March 18, 2011
Wisconsin Governor Scott Walker’s original toxic budget proposal would have given the state government the right to sell state power plants in sole-source deals without legislative approval. The proposal failed to make it into the final bill after it was disclosed that the Koch Brothers (a major Walker contributor) had energy businesses that could have benefited. But it’s just the tip of the iceberg. States and cities, strapped for cash, are being courted by Wall St. investment firms including Goldman Sachs, Morgan Stanley and JP Morgan looking for fire sale deals of public assets like government buildings, roads, airports and parking lots.
“The Governors’ Garage Sale” in BusinessWeek lists just a few of the bargains. Slate's “Cities for Sale” examines the problems when Wall St. firms take advantage of desperate governments that sell too cheaply and sign contracts that tie the hands of policy makers for generations.
Even though many of these deals don’t succeed, they still look lucrative to some former elected officials. Former Gov. Ed Rendell recently joined the investment bank Greenhill & Co. as a senior partner to focus on these types of infrastructure and asset sales. In office, Rendell failed to secure his biggest and boldest public infrastructure goal — the leasing of the Pennsylvania Turnpike.
In the most comprehensive study of its kind, Following the Money 2011, researchers at the United States Public Interest Research Group (U.S. PIRG) graded all 50 states on how well they provide online access to information about government spending. States were given “A” to “F” grades based on the characteristics of the online transparency systems they have created to provide information on contracts, subsidies and spending at quasi-public agencies.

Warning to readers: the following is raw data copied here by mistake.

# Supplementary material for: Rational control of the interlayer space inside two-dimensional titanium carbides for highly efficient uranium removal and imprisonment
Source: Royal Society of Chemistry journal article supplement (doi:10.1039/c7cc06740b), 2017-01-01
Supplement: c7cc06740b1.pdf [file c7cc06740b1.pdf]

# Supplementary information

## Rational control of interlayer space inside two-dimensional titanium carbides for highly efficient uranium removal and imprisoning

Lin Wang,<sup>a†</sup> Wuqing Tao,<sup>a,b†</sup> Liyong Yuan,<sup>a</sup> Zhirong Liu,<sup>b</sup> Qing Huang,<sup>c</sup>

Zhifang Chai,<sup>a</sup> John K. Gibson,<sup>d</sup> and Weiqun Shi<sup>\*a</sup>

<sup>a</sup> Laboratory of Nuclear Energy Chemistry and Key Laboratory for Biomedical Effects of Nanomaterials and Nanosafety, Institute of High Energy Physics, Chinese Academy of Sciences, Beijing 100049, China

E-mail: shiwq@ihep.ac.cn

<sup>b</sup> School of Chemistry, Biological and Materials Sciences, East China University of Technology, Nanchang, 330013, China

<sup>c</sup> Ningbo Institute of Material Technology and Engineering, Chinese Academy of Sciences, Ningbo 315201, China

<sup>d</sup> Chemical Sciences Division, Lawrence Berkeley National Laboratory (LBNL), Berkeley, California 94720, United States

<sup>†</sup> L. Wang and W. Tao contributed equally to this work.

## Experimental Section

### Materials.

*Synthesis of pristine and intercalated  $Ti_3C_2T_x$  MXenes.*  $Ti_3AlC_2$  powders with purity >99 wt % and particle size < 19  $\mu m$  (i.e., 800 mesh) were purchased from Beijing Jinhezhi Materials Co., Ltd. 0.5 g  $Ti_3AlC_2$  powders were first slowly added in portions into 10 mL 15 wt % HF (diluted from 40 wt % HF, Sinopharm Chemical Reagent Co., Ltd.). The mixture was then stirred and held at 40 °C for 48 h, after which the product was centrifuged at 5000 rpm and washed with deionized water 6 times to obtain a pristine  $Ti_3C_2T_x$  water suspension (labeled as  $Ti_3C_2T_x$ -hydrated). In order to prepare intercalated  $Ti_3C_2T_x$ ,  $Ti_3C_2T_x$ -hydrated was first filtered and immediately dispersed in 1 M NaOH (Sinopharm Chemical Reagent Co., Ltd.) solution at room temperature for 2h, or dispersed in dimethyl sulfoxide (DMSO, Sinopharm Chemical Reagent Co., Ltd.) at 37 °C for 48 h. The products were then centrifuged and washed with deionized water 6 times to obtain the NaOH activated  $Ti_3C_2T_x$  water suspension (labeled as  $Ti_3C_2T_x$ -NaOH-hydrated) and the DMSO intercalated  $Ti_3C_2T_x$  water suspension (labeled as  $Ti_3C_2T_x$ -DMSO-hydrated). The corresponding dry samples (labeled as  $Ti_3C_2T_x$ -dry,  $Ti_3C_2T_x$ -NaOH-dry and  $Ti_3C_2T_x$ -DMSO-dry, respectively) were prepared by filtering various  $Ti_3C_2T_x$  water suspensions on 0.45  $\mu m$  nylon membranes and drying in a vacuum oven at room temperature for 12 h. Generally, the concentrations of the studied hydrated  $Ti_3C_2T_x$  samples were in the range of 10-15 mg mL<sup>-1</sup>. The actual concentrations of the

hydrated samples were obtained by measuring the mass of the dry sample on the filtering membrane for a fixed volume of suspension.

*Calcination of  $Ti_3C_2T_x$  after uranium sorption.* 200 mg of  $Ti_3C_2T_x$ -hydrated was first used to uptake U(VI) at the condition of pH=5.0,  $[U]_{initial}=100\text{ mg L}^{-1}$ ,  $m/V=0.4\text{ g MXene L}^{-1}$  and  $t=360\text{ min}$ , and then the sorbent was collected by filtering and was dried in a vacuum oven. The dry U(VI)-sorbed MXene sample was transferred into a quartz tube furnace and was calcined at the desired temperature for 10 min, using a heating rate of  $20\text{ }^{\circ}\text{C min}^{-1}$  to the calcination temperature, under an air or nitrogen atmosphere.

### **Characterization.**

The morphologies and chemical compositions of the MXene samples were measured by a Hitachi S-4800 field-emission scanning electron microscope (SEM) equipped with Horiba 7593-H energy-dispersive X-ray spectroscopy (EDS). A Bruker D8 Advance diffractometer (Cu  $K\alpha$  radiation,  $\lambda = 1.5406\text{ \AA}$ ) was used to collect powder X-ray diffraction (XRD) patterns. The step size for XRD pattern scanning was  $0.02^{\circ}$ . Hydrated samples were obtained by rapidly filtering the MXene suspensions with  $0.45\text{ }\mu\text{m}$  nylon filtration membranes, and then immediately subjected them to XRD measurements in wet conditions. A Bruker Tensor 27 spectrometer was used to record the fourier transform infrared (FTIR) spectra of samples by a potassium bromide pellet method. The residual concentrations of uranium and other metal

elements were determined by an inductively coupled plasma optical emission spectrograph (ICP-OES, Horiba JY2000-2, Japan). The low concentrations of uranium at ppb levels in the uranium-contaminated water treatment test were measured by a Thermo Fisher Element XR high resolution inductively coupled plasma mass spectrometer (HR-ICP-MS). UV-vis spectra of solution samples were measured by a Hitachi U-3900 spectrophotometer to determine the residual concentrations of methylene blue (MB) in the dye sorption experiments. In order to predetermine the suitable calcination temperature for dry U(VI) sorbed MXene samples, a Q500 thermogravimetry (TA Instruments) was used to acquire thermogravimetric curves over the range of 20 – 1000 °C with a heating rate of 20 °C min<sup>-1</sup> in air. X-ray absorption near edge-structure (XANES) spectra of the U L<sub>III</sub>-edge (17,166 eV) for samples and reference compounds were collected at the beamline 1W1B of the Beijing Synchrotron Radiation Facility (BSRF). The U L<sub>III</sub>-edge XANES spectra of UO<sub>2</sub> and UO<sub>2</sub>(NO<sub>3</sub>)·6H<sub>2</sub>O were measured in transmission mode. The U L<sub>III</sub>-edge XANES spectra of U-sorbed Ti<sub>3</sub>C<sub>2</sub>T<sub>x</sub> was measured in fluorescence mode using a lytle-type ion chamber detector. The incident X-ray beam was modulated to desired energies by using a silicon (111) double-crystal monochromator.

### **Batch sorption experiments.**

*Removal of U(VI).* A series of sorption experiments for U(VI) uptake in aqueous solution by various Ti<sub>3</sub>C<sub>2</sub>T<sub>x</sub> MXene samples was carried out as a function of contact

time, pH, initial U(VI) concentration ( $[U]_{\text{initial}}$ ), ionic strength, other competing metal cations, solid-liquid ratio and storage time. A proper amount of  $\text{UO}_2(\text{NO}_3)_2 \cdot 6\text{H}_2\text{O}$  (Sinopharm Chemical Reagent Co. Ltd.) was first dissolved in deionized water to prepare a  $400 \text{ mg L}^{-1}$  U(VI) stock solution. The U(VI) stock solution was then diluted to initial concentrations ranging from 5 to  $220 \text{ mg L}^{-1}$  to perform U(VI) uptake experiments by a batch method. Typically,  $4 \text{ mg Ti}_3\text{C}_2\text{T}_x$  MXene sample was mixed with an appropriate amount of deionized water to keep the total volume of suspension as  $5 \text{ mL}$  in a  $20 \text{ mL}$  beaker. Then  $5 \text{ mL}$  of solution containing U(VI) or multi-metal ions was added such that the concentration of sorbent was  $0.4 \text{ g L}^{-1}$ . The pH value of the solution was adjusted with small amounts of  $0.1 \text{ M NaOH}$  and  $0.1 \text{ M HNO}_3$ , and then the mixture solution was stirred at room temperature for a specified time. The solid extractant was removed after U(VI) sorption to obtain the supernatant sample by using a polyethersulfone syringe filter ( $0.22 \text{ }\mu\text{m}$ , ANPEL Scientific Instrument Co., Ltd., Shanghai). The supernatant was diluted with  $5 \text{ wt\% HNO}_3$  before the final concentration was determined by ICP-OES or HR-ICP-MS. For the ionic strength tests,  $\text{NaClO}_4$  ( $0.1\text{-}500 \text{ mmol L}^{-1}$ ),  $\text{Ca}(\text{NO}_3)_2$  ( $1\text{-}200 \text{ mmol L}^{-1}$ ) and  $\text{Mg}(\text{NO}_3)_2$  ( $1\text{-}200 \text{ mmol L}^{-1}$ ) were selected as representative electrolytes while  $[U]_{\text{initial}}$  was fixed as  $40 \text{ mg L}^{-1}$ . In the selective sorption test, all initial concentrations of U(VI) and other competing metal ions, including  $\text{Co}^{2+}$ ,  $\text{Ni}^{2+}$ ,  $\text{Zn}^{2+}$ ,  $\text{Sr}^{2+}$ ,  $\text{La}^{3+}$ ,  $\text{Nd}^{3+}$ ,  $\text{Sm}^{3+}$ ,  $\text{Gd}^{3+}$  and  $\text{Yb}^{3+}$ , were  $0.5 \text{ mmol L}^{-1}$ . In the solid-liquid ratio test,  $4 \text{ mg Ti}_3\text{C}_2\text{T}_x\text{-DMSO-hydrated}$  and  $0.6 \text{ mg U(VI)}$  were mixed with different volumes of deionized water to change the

“The good news is that since last year’s Following the Money report, state governments across the country have become far more transparent about where the money goes,” explained Phineas Baxandall, Senior Analyst for Tax and Budget Policy at U.S. PIRG and co-author of the report. “But even the leading states still have a lot of room for improvement.”
New Jersey’s Governor Chris Christie’s proposal to privatize the New Jersey Turnpike toll collection tells the story. The state’s Request for Proposal sets minimum wages at $12 an hour for full-time and $10 an hour for part-time toll takers. That’s $24,960 for a full-time worker breathing auto exhaust all day. Toll workers currently make as much as $65,000 – and still struggle to pay their mortgage and make tuition payments for their college-bound children.
and View past issues.
If someone sent this newsletter to you, please click here to subscribe. Please add InthePublicInterest.org to your list of safe senders.
If you don't want to receive this newsletter, please don't block us. Click here to unsubscribe.